Column

The Obsolescence Audit

Just 20 short years ago, if you wanted to buy a book, you had to go to a bookstore. If you wanted music, you had to visit a record store, and if you wanted to read the news, you had to buy a newspaper. Then Amazon.com debuted in 1994, Google was incorporated in 1998 and Napster emerged in 1999. Soon enough, people stopped buying newspapers because news articles were accessible online at no charge, stopped buying records because they could get music from each other freely, and stopped walking into bookstores because they could buy books with one mouse click online. These three companies helped deliver body blows to three massive industries by exposing and eliminating the key to these industries’ success: control over distribution. Far more than what’s happened to banks and auto manufacturers, it’s the most important business event of our time.

Lawyers don’t sell books, articles or music tracks to our clients. But we’ve long benefited from a similar type of control over the distribution of legal services, rooted in two barriers: the inability of competitors outside the legal profession to replicate our offerings, and legislative restrictions against such competitors operating without our authorization. The first and more formidable of these barriers is falling as we speak: client-directed assembly of legal documents, legal professionals operating in low-cost jurisdictions, online dispute resolution systems that render litigation superfluous, free searchable legal knowledge databases: all these and more innovations exist today and will rapidly multiply. The second barrier is weaker than it appears, vulnerable to the stroke of a legislative pen like the one already wielded in England and Wales.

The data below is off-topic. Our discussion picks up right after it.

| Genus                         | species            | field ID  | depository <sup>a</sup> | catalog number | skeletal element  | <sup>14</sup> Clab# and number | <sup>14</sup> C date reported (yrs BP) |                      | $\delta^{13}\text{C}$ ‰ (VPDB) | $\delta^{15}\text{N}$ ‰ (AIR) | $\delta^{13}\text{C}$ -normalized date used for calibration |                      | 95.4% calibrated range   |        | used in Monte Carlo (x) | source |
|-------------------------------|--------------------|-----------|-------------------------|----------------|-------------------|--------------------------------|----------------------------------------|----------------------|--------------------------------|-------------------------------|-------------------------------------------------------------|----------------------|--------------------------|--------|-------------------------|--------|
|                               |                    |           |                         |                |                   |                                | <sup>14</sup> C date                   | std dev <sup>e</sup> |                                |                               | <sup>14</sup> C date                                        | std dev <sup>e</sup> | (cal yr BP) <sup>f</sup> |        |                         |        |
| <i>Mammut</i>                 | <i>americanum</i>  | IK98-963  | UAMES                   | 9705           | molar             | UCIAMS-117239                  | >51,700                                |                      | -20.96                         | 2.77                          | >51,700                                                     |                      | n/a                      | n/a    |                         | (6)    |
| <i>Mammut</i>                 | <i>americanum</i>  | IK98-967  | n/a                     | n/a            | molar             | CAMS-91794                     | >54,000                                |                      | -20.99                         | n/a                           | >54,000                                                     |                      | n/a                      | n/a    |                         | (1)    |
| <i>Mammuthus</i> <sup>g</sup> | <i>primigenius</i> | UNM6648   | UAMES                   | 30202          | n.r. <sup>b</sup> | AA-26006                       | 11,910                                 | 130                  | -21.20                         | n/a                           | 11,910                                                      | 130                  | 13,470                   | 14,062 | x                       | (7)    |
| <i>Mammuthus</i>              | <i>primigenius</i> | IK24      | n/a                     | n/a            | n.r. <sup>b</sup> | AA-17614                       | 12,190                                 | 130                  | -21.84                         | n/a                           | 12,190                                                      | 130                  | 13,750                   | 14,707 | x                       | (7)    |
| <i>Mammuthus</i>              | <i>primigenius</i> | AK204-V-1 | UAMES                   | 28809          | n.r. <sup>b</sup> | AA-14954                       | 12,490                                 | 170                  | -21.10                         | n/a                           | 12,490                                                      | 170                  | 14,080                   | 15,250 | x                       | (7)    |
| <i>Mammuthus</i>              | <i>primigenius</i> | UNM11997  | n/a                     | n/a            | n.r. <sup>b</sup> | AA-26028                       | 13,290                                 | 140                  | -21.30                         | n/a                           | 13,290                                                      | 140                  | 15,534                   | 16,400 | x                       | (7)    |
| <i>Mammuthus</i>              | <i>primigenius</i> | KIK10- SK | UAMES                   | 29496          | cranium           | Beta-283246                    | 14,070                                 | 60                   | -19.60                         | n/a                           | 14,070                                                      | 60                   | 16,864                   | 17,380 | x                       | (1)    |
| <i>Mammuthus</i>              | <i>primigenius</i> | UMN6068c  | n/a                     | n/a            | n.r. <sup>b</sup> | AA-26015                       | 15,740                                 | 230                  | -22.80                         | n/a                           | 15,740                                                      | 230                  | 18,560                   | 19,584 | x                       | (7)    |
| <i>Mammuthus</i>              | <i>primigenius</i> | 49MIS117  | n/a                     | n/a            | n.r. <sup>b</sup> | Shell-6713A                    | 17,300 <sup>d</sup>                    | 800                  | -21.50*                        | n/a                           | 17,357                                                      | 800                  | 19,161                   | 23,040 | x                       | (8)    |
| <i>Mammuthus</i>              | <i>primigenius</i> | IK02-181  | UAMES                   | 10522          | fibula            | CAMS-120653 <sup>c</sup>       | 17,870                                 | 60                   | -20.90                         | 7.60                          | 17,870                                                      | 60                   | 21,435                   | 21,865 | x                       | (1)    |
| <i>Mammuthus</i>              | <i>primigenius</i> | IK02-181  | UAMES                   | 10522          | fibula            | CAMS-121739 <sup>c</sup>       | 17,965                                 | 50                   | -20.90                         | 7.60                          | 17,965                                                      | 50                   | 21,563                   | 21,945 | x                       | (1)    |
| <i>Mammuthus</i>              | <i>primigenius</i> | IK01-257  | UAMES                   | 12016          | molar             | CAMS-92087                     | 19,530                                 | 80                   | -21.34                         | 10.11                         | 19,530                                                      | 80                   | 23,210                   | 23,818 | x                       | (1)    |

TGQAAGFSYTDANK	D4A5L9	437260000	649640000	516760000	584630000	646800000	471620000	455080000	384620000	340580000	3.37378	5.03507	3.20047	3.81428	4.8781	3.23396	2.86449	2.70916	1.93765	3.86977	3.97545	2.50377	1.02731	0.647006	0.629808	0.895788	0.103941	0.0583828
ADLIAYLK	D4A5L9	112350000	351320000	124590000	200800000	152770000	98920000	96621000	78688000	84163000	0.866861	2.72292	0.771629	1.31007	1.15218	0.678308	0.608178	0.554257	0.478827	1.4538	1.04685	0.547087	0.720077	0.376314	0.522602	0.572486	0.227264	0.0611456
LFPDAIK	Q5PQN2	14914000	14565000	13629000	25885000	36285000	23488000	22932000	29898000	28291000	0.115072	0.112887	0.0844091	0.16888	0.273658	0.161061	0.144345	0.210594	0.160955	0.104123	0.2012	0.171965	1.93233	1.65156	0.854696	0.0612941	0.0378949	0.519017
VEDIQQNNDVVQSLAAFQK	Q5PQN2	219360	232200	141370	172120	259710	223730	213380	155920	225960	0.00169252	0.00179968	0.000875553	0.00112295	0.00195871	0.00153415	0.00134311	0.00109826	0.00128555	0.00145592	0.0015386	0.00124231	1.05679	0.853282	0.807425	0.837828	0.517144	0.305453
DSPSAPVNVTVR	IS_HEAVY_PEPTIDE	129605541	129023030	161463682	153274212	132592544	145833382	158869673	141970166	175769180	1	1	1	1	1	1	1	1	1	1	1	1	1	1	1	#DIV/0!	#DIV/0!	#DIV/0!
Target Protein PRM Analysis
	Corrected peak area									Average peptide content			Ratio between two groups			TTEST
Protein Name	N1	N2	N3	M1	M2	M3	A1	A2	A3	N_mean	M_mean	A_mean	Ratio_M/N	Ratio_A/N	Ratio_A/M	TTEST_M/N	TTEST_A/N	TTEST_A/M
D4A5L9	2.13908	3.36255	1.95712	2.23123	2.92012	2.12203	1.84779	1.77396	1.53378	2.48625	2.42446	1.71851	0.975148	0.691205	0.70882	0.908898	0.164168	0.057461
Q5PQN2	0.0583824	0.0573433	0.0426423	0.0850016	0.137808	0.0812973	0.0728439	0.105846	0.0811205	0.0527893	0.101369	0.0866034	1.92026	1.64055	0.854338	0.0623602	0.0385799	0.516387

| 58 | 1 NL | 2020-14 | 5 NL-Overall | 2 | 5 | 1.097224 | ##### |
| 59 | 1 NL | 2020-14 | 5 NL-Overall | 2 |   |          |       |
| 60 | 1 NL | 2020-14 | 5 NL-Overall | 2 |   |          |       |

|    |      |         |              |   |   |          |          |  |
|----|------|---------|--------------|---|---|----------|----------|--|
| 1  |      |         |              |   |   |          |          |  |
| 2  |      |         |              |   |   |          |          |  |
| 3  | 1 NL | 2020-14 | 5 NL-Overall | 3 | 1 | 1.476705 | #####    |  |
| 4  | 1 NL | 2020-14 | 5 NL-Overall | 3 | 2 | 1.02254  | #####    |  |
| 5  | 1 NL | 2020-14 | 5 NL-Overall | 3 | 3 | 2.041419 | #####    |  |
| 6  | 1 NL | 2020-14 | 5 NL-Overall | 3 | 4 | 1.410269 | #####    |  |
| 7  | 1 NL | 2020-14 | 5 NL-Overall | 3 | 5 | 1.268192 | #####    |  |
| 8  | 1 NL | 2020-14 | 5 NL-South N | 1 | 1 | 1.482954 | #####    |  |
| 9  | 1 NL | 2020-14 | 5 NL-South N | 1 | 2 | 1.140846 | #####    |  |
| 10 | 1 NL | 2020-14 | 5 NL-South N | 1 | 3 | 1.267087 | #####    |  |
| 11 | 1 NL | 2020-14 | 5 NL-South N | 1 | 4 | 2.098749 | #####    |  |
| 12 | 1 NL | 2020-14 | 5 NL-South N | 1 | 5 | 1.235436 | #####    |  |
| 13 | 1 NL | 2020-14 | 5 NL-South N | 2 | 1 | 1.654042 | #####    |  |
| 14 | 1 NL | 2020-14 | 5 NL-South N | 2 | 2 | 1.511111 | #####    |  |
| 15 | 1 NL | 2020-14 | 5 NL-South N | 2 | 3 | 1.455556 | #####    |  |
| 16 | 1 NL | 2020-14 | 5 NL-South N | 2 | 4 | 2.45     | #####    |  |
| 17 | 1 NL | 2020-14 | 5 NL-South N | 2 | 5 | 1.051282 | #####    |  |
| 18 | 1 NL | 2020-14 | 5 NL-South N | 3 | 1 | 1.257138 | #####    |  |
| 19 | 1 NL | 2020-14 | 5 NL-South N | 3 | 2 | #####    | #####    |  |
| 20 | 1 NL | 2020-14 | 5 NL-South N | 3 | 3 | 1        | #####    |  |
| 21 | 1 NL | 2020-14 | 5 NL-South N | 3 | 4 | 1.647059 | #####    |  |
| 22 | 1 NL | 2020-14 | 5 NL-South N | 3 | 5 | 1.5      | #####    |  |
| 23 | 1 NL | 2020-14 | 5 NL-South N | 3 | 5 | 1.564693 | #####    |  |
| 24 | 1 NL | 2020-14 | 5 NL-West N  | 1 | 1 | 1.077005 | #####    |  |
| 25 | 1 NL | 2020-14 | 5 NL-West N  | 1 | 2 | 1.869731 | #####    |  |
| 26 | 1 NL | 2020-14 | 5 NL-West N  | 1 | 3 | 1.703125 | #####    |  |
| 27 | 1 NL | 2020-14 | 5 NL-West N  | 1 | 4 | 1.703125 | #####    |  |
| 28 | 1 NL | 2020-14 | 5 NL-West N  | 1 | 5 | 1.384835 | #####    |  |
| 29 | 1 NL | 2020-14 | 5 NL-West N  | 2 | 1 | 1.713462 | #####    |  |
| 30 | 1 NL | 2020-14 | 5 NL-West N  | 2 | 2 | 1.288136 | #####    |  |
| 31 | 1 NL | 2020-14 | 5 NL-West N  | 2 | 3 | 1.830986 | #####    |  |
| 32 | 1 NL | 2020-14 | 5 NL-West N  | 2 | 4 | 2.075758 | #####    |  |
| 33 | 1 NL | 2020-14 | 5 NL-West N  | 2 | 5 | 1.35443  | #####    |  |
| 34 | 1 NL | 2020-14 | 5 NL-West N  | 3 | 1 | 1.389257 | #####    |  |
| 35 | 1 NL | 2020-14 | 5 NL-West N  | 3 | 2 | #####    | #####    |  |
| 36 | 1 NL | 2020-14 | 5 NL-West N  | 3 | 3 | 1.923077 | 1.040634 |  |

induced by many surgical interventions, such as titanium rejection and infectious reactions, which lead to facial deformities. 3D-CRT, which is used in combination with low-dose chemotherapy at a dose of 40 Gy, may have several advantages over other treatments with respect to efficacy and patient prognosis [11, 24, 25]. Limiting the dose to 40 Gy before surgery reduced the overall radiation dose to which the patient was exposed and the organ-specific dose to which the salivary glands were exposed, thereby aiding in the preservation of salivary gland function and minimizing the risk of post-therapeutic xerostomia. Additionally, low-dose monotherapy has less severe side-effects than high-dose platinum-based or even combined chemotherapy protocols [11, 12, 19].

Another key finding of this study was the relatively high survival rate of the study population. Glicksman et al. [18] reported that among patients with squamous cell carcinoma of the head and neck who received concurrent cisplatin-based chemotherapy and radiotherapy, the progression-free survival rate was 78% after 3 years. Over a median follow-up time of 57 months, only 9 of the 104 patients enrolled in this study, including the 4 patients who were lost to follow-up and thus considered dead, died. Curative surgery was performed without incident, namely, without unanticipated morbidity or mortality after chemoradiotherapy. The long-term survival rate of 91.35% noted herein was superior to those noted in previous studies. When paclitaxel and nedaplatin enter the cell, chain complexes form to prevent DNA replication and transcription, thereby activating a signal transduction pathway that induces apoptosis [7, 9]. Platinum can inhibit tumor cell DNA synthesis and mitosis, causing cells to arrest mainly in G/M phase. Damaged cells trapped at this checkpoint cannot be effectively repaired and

News, music and bookstore executives who could somehow time-travel from 1989 to 2009 would be struck by how ill-prepared their companies were for fundamental change to their marketplaces. It’s not that demand for their products has gone away — it may even have grown — but business models founded on control of narrow distribution channels were overwhelmed when control failed and access exploded. Many law firms are in an uncomfortably similar position — too much of what they offer is within striking distance of increasingly accomplished competitors from outside the legal profession.

But lawyers don’t need to repeat the mistakes of these other industries. We can prepare better, both because we have a clearer picture of how our own marketplace will change and because we have the incentive of seeing what happens to companies that don’t prepare well. We can take a close look today at what we sell and at the market in which we sell it, and figure out which of our offerings will survive a new landscape in which there are many more competitors playing by a different set of rules. We can conduct what I think of as an obsolescence audit — identifying those aspects of our business model that won’t survive the next ten years and taking steps now to address them. Here’s a short checklist to get us started: look within your firm for…

1. Any offering that’s the same no matter who buys it. This includes news and analysis of legislative and case law developments, documents like simple contracts and wills, tips to adopt and traps to avoid in various areas of law — universally applicable legal products, basically. If what you sell differs hardly or not at all depending on your buyer’s circumstances or preferences, then you’re squarely in territory now occupied by service providers outside the legal profession. They don’t need to tailor their services to clients because they don’t have clients — they’re using these products to make money through advertising or other means. Non-tailored services in the legal sector have a stand-alone value approaching zero; if they constitute a part of your business, drop them now.